Not A Blog

To Blog Or Not To Blog

We`ve now published several
compilations of short items by me, using titles like

I Keep Saying We Should Have A Blog…

I Still Think We Should Have A Blog…

We Definitely Should Have A Blog!
, and

Blog! Blog!
Readers have written us letters saying
“it`s not really a blog.” (Goodness knows what the title
of this one is, by the way. I`m not responsible for the

And that brings me to the reason
why this isn`t a Blog. The Editorial Process. Everything
that I write has to go through the Editorial Process.

What that means is that I write
something and send it in, and then Peter Brimelow calls
me on the phone, saying “This is very good, but…”
asking “What exactly do you mean by this?” and
saying “This has to be tightened up a bit.” All
in what he has

his “stubbornly-unassimilating English
(a modified

) which occasionally requires me to say
“Say again, please?”

A real blog (short for

) is just its author`s musings, and no one but
him can be blamed for it. But VDARE.COM is always in
danger of accusations of

not to mention insensitivity, and therefore
the authorities have to pass everything before posting.
Otherwise accidents happen. Look how much


got for merely

that the U.S. might consider nuking
Mecca. And NRO is

more sensitive than VDARE.COM.


Sensitive NRO

It`s too bad, because the advantage
of blogging is the speed at which you can react to items
like this extraordinary example on Monday: 

The Empire, 2003
, in which National Review,
(now Transnational Review [Goldberg
as per VDARE.COM house style])
has given a soapbox for Iranian-French

Amir Taheri
to advocate the abolition of Europe
through amalgamation with the Turks and the Egyptians.
Taheri writes:

“Against that background
it is interesting to see some Europeans cling to old
prejudices to promote a `little Europe` ideology.
France`s former President Valery Giscard d`Estaing
claims that Turkey`s entry into the EU could mean `the
end of Europe.`

“The reason?

“Giscard answers with one
word: Islam.

“Germany`s former
Chancellor Helmut Kohl, despite the fact that his own
son has married a Turkish Muslim lady, takes a similar

“What Giscard and Kohl
ignore is the fact that Islam already forms the
second-largest, and the fastest growing, religious
community in the European Union. Giscard and Kohl are
yesterday`s men, with a vision oriented toward the past
rather than the future.

“What would happen if the
entire European continent, including all those that have
refused to join the EU, enter the club alongside with
Turkey, Egypt and the four North African countries? This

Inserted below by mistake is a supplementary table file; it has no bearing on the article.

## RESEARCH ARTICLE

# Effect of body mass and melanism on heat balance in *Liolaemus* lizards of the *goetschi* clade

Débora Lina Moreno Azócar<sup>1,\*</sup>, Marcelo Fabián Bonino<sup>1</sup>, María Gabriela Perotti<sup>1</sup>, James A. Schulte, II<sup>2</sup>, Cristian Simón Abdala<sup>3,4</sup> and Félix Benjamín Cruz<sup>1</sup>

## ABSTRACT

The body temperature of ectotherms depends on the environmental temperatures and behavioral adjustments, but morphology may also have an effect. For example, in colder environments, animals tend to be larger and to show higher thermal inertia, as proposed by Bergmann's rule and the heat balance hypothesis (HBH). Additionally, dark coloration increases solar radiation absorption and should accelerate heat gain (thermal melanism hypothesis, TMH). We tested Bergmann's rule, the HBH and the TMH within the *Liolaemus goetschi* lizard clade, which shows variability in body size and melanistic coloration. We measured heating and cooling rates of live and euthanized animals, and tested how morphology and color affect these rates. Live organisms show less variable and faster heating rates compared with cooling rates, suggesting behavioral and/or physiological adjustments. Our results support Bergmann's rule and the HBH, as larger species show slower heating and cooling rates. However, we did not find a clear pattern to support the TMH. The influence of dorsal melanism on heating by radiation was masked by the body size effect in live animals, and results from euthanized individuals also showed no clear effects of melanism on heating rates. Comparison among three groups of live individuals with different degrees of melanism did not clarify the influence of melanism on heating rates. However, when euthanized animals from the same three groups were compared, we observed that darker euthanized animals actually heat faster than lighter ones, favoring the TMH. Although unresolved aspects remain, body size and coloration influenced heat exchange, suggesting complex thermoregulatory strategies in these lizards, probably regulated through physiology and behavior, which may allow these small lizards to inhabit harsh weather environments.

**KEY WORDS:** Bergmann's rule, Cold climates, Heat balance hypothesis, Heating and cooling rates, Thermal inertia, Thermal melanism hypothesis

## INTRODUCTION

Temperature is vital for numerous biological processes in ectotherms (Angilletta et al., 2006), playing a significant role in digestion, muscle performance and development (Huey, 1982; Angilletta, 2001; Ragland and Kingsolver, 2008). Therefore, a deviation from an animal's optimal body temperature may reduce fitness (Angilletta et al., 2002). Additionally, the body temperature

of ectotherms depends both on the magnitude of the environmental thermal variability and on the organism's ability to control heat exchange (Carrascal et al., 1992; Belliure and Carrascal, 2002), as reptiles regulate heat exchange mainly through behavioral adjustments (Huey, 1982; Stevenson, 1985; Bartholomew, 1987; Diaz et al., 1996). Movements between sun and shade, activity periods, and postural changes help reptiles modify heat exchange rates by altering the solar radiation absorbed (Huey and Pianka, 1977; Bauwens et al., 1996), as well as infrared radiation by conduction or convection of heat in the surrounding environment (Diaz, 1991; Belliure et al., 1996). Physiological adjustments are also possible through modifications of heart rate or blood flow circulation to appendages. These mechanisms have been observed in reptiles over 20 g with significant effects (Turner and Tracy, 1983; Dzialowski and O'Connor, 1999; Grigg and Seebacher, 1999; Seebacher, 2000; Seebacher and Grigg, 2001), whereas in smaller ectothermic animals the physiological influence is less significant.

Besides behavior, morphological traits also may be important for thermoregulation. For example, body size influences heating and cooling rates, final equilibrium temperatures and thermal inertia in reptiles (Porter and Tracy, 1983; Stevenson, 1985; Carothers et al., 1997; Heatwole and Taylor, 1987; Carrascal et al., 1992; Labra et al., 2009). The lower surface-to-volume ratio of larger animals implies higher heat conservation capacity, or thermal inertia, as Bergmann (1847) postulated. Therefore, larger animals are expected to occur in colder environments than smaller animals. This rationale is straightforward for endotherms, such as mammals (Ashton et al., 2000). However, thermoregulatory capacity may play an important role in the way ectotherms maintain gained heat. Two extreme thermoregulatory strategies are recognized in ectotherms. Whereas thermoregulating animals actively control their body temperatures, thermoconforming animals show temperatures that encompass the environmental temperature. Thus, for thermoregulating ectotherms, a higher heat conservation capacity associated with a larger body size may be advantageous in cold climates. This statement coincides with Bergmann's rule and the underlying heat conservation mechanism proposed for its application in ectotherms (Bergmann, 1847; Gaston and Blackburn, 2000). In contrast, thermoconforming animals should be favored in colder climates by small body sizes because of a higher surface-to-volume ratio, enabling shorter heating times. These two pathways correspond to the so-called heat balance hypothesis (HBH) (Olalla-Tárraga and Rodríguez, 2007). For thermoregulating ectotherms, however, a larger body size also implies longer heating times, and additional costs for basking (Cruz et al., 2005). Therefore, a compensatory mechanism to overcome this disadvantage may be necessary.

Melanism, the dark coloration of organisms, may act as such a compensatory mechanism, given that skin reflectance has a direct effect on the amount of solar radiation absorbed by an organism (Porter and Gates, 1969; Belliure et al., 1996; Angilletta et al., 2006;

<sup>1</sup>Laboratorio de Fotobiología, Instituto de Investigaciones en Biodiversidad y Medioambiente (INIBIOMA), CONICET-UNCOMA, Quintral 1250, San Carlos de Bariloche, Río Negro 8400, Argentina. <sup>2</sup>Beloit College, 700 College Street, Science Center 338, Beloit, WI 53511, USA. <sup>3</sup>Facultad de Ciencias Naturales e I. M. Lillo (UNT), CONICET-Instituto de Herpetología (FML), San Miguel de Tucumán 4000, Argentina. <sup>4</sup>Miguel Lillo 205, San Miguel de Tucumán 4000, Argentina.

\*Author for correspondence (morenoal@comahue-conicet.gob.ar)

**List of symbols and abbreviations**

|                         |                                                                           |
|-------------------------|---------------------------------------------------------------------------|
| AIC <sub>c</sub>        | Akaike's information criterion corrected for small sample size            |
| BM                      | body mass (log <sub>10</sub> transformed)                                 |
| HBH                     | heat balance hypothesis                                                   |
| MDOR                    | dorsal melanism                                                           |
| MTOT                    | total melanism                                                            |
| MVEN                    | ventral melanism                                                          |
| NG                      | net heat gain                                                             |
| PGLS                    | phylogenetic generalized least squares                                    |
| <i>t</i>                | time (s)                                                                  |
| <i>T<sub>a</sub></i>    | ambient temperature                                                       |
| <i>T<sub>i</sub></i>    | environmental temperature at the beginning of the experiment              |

new and expanded version of the old Roman Empire will
have a total population of around 800 million of which
some 250 million would be Muslims.”

Taheri says it`s the new Roman
Empire. I say it`s the new

Siege of Vienna
. I was going to say that it`s the

Fall of Constantinople
– but no,

is still in the hands of the Turks.

See? That only took a moment, and
there you are: We attack NRO, Islam, and stand up for
Europe, all in one item.


Wanted: A New Word For Blog

But we have to stop saying “Blog,”
it`s confusing people. One liberal woman, who had never
heard of blogging, wrote to say that “I will pray for
your conversion, that you will become a decent,
Christ-centered human being without any of this hate in
your soul.  This attitude will condemn you to hell
unless you repent
Blog, whatever the hell you
mean by that, is jeopardizing your soul, my friend.”

She promised to light a candle for
me, which is why I`m not publishing her name and email
address. But we need a new name for this thing.

“Random Thoughts on the Passing Scene”
is taken. Any


Tarantold You So! Great
Moments In Wall Street Journalism

Under the heading of “Great
Moments In Law Enforcement,”
our old friend James

– VDARE.COM house style]

of the Wall Street Journal recently

linked to
an ABC report of the case of

Gamal Abdel-Hafiz,
an FBI agent who, some time
before 9/11, refused to wiretap a fellow Muslim during
an investigation of al Queda on the grounds his loyalty
to Islam was greater than his loyalty to America.
According to ABC:

“[FBI whistleblower
Robert] Wright says Abdel-Hafiz told him, Vincent and
other agents that "a Muslim doesn`t record another

“`He wouldn`t have any
problems interviewing or recording somebody who wasn`t a
Muslim, but he could never record another Muslim,` said

“Wright said he `was
floored` by Abdel-Hafiz`s refusal and immediately called
the FBI headquarters. Their reaction surprised him even
more: `The supervisor from headquarters says, `Well, you
have to understand where he`s coming from, Bob.` I said
no, no, no, no, no. I understand where I`m coming from,`
said Wright. `We both took the same damn oath to defend
this country against all enemies foreign and domestic,
and he just said no? No way in hell.`

“Far from being
reprimanded, Abdel-Hafiz was promoted to one of the
FBI`s most important anti-terrorism posts, the American
Embassy in Saudi Arabia, to handle investigations for
the FBI in that Muslim country.”

Taranto calls Abdel-Hafiz behavior
“appalling.” I agree.

But I have a question. When an Arab
member of Bush`s Secret Service detail was refused